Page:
It is said to be one of life’s most stressful undertakings, and that’s the process of buying a house.
The Property Road team takes a look at buying a property to help guide you through the steps when it comes to buying a home.
Most of the information is relevant to first-time buyers, but also to those who may not have bought a property for some time.
We will tackle the process for buying a property in England and Wales, and then explain the slightly different process that occurs for buying a property in Scotland.
How long will it take to buy a house?
One of the first questions that people have when it comes to the process of buying a house in the UK, is how long will it take?
A lot obviously depends on the house seller’s circumstances and also yours. You also need to factor in any issues that may arise with conveyancing and there will be delays in other areas.
However, the process will take anything from six weeks and up to 8 months. This will include:
Finding a property
You will need to research the area where you want to live, visit estate agent websites, and even agent offices to arrange viewings.
Scotland: it’s been the law since 2008 for a Home Report to be prepared for all domestic properties that are marketed for sale. Also, solicitors sell homes rather than estate agents.
Undertake viewings and put in an offer
Putting in the offer is when you’re telling the seller what you are prepared to pay and what conditions you are prepared to negotiate on.
Your offer is accepted
Scotland: a minimum price will be set by the seller and if there’s more than one potential buyer then a blind bidding process will begin. Also, a letter containing specific information is sent to the solicitor who will then ‘note’ the buyer’s interest to the seller.
Once the offer has been accepted, you need to have a survey to check the condition of the property.
Scotland: There’s a big difference in Scotland because once the seller accepts the offer, a letter of ‘qualified acceptance’ will be sent with conditions to be agreed and once they are, the offer is legally binding. Breaking this legal agreement will cost thousands of pounds in liability to the seller. Also, the buyer has legal responsibilities and must obtain buildings insurance from the date the offer or ‘missive’ is accepted.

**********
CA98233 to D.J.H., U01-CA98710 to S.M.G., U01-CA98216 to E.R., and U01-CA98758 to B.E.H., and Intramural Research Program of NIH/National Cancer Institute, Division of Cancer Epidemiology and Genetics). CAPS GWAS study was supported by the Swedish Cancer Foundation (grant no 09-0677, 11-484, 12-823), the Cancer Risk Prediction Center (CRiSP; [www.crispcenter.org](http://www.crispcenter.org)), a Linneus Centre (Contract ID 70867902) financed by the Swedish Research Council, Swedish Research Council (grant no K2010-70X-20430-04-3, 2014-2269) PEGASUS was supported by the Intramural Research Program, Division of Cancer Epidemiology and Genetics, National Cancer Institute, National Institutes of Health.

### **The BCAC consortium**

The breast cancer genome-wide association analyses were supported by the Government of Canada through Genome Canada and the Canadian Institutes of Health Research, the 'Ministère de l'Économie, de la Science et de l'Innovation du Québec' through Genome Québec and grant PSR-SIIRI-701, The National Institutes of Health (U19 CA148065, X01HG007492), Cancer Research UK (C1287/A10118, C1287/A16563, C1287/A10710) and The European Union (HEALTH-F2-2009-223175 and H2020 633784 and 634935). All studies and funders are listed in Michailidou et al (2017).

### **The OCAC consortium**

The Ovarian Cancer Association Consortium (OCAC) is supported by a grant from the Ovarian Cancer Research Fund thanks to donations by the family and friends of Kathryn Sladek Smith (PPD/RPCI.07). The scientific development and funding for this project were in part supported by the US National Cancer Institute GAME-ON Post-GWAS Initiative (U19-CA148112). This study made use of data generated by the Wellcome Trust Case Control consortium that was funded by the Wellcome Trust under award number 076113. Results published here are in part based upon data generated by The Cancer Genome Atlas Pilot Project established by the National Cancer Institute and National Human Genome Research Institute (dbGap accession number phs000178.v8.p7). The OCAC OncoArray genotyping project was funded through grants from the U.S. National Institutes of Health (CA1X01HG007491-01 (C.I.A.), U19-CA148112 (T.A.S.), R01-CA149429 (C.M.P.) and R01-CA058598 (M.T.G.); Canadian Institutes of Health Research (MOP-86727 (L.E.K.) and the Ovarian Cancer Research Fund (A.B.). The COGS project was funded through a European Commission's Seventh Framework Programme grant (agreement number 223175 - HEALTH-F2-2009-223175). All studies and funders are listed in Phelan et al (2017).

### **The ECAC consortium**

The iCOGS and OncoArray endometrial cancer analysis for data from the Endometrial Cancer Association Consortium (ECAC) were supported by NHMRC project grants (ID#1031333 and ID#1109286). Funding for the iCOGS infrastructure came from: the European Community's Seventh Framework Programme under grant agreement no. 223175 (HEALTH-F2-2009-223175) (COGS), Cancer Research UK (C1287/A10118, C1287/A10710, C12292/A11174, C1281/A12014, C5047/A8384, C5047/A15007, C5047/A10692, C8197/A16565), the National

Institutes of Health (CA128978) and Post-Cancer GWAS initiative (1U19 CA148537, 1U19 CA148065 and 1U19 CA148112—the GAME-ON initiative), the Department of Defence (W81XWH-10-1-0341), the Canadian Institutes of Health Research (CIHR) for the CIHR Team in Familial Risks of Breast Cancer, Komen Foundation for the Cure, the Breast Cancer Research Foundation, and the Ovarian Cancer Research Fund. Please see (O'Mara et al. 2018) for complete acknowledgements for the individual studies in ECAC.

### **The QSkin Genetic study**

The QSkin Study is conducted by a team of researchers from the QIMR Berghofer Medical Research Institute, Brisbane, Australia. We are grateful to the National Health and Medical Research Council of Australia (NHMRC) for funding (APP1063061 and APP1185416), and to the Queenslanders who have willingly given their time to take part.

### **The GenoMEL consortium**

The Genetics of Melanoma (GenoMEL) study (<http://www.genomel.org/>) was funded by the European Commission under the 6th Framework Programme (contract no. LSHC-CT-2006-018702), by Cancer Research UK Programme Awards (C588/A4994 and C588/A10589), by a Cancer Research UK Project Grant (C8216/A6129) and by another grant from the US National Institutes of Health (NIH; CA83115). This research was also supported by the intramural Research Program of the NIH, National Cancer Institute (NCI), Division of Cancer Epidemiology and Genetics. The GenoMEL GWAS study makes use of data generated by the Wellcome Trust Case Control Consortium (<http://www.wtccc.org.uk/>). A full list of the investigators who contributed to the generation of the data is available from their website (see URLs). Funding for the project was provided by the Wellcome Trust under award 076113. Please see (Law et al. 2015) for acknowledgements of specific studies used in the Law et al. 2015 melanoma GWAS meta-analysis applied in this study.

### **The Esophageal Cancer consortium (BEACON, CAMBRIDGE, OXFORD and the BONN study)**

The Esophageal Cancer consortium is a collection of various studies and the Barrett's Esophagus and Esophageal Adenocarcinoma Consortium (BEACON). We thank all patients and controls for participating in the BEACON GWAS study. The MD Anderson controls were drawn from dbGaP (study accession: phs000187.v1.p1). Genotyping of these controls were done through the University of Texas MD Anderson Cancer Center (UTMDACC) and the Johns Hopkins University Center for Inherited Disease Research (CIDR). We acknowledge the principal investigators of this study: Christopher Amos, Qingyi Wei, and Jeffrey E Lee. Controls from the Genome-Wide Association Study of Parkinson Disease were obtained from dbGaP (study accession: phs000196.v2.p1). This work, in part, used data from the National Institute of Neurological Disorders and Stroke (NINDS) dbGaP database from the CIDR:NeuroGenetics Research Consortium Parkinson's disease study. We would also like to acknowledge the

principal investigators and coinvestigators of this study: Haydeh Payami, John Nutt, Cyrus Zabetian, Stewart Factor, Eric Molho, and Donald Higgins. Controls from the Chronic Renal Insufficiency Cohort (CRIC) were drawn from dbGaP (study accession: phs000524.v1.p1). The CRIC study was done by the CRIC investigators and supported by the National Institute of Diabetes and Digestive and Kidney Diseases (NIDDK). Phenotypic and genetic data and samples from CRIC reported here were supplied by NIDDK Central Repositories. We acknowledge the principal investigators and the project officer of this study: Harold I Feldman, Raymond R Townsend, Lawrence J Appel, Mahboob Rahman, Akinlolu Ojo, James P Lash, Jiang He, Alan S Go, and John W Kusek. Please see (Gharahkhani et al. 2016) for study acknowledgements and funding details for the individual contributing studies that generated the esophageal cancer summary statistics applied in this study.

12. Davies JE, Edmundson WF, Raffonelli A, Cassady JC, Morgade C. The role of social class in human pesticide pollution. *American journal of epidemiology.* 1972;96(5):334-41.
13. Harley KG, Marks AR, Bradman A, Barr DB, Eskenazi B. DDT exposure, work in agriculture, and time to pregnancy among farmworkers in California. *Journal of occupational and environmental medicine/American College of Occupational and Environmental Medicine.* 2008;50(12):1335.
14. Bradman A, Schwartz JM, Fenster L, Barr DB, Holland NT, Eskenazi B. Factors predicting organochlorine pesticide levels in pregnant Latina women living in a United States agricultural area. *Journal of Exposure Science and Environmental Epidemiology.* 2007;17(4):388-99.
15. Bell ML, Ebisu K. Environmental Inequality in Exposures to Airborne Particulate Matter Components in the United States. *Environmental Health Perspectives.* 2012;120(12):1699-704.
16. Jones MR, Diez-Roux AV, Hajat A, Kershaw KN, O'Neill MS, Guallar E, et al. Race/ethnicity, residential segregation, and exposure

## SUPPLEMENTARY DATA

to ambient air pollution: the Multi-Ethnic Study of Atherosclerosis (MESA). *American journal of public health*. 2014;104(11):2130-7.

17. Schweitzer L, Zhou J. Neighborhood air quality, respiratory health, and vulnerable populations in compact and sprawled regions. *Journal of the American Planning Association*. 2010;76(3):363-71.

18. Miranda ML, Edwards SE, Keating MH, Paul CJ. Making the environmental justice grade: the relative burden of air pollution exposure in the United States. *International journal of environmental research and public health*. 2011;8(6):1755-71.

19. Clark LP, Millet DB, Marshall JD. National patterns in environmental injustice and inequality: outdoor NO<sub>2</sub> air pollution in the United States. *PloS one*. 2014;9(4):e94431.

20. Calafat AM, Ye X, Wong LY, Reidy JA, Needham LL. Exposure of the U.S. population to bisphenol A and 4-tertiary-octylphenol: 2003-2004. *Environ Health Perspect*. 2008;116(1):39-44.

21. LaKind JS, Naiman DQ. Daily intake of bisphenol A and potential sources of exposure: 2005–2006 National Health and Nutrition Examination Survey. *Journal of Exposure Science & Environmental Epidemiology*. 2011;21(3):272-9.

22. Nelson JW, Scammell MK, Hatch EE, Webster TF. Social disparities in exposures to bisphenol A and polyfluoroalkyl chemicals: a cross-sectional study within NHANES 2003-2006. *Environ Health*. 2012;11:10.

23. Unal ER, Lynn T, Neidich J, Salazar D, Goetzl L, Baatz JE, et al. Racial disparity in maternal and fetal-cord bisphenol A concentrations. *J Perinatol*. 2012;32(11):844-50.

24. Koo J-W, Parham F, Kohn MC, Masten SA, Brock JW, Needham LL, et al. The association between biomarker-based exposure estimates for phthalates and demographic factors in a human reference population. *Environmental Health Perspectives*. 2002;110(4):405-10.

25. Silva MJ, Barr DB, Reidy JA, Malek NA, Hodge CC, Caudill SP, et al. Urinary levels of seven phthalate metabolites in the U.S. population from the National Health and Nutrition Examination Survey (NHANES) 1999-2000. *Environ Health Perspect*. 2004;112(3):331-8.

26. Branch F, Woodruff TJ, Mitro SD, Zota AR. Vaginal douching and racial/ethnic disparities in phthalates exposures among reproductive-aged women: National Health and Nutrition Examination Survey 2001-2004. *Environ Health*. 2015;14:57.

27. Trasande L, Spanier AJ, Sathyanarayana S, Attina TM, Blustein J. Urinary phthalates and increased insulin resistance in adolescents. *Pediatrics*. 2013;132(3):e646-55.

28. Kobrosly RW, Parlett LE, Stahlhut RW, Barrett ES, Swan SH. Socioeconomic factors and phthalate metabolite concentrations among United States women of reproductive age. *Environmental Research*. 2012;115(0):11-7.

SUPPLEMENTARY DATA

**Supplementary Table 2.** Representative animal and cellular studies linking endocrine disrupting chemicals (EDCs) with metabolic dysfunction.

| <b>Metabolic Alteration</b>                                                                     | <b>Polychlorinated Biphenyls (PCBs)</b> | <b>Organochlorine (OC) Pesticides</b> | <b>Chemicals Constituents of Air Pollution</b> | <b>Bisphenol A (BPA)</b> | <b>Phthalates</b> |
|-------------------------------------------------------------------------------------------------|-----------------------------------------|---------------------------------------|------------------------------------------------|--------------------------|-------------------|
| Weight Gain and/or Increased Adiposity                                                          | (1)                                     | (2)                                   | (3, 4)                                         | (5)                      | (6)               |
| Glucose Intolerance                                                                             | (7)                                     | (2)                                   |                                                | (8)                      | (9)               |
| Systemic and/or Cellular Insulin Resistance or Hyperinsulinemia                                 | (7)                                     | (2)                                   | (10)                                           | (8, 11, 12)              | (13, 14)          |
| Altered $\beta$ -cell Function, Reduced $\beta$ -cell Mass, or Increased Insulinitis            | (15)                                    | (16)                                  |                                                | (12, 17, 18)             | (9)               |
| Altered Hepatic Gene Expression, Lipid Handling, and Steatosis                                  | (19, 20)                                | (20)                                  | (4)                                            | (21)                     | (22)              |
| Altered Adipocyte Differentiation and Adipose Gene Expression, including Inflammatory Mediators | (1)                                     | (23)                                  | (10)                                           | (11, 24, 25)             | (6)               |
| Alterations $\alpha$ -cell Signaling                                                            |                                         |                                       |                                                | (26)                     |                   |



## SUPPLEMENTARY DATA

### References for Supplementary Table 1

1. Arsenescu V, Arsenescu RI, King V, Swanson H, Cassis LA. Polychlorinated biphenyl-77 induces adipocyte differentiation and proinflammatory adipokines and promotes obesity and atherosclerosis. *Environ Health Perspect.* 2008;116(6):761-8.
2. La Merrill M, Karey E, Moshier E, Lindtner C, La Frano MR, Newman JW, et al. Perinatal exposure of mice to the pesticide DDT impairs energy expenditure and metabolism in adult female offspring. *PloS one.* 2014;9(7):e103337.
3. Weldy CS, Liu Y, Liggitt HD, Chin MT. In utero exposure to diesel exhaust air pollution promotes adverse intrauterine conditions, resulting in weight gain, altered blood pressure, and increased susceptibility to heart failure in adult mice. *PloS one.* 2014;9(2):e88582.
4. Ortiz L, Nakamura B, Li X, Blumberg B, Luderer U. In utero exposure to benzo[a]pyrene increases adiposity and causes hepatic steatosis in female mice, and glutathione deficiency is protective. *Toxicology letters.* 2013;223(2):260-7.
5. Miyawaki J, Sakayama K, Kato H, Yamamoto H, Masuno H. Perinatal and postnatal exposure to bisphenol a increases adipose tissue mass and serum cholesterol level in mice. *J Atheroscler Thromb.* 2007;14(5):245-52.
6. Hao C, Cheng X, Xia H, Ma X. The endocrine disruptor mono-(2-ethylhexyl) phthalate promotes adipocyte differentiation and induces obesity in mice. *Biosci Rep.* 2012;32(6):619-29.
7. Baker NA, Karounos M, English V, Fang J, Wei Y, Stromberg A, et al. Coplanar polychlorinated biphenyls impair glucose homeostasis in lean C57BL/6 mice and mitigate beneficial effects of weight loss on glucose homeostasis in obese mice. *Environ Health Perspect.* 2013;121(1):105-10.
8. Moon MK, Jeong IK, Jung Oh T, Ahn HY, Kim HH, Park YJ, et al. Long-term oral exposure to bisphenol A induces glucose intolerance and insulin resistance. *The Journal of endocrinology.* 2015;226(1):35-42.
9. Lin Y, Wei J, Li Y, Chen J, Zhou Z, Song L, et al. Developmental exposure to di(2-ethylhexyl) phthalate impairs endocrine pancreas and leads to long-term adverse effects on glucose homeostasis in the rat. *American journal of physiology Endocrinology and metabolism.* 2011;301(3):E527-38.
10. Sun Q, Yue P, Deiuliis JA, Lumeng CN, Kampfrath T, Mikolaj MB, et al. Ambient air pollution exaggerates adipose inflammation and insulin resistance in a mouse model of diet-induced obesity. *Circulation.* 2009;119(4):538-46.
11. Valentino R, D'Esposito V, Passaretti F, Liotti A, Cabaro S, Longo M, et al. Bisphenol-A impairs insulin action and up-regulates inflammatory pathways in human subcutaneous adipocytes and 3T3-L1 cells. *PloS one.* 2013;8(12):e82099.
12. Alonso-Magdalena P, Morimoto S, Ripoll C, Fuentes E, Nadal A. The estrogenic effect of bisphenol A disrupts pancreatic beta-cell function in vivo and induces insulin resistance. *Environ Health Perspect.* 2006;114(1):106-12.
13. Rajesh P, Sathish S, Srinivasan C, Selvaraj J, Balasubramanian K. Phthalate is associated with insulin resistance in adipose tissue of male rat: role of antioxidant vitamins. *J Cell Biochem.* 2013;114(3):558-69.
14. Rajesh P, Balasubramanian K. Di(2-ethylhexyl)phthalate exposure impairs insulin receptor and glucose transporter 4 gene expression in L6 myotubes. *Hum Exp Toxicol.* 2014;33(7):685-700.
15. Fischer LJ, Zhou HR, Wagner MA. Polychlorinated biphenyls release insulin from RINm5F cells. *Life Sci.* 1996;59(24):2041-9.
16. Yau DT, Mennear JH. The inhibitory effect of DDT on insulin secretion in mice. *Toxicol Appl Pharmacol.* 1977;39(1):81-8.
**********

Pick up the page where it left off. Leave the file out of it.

It’s highly recommended that you have a full survey carried out by a chartered surveyor.
Your solicitor will also need to check any legal issues and this is where the conveyancing process really pays off.
A conveyancing solicitor will check that everything is legally sound and that the contracts can be exchanged.
You will pay a deposit for the property and after contracts have been exchanged, you cannot back out without this costing you a lot of money.
You’re now heading towards the completion process where you will be handed the title deeds and the keys.
You will need to hand over the balance of what you owe before the property is considered to be legally yours.
It’s important to appreciate that no-one is legally bound to complete the purchase of property in England and Wales until your legal contracts have been exchanged.
Find the property you want and can afford
The previous answer explained the process of buying a property in a digestible format.
But the big sticking point is whether you can afford the property that you actually want to buy.
It’s here you’ll need to sit down with a calculator and work out:
- How much cash will you need to buy a property;
- How much you access as a mortgage (after you have paid the deposit).
If not, you’ll need to save up any additional cash because the expenses when buying a house really do add up.
Meet a mortgage broker
It’s also a good idea to consider meeting with a mortgage broker, or visiting a building society, to see whether you will be accepted for a mortgage.
This process will also reveal how much you can borrow to buy a house.
Also, having a pre-agreed mortgage deal makes you more attractive as a potential purchaser to sellers and estate agents.
That means you will have to get a mortgage application in principle completed and agreed.
These mortgages are known as an agreement in principle (AIP) but they are only valid, usually, for 30 days. Some lenders will offer an AIP for up to 90 days, so you need to be wary of the expiry date.
If this happens to you, then if you have been accepted once for an AIP, you are likely to be accepted again.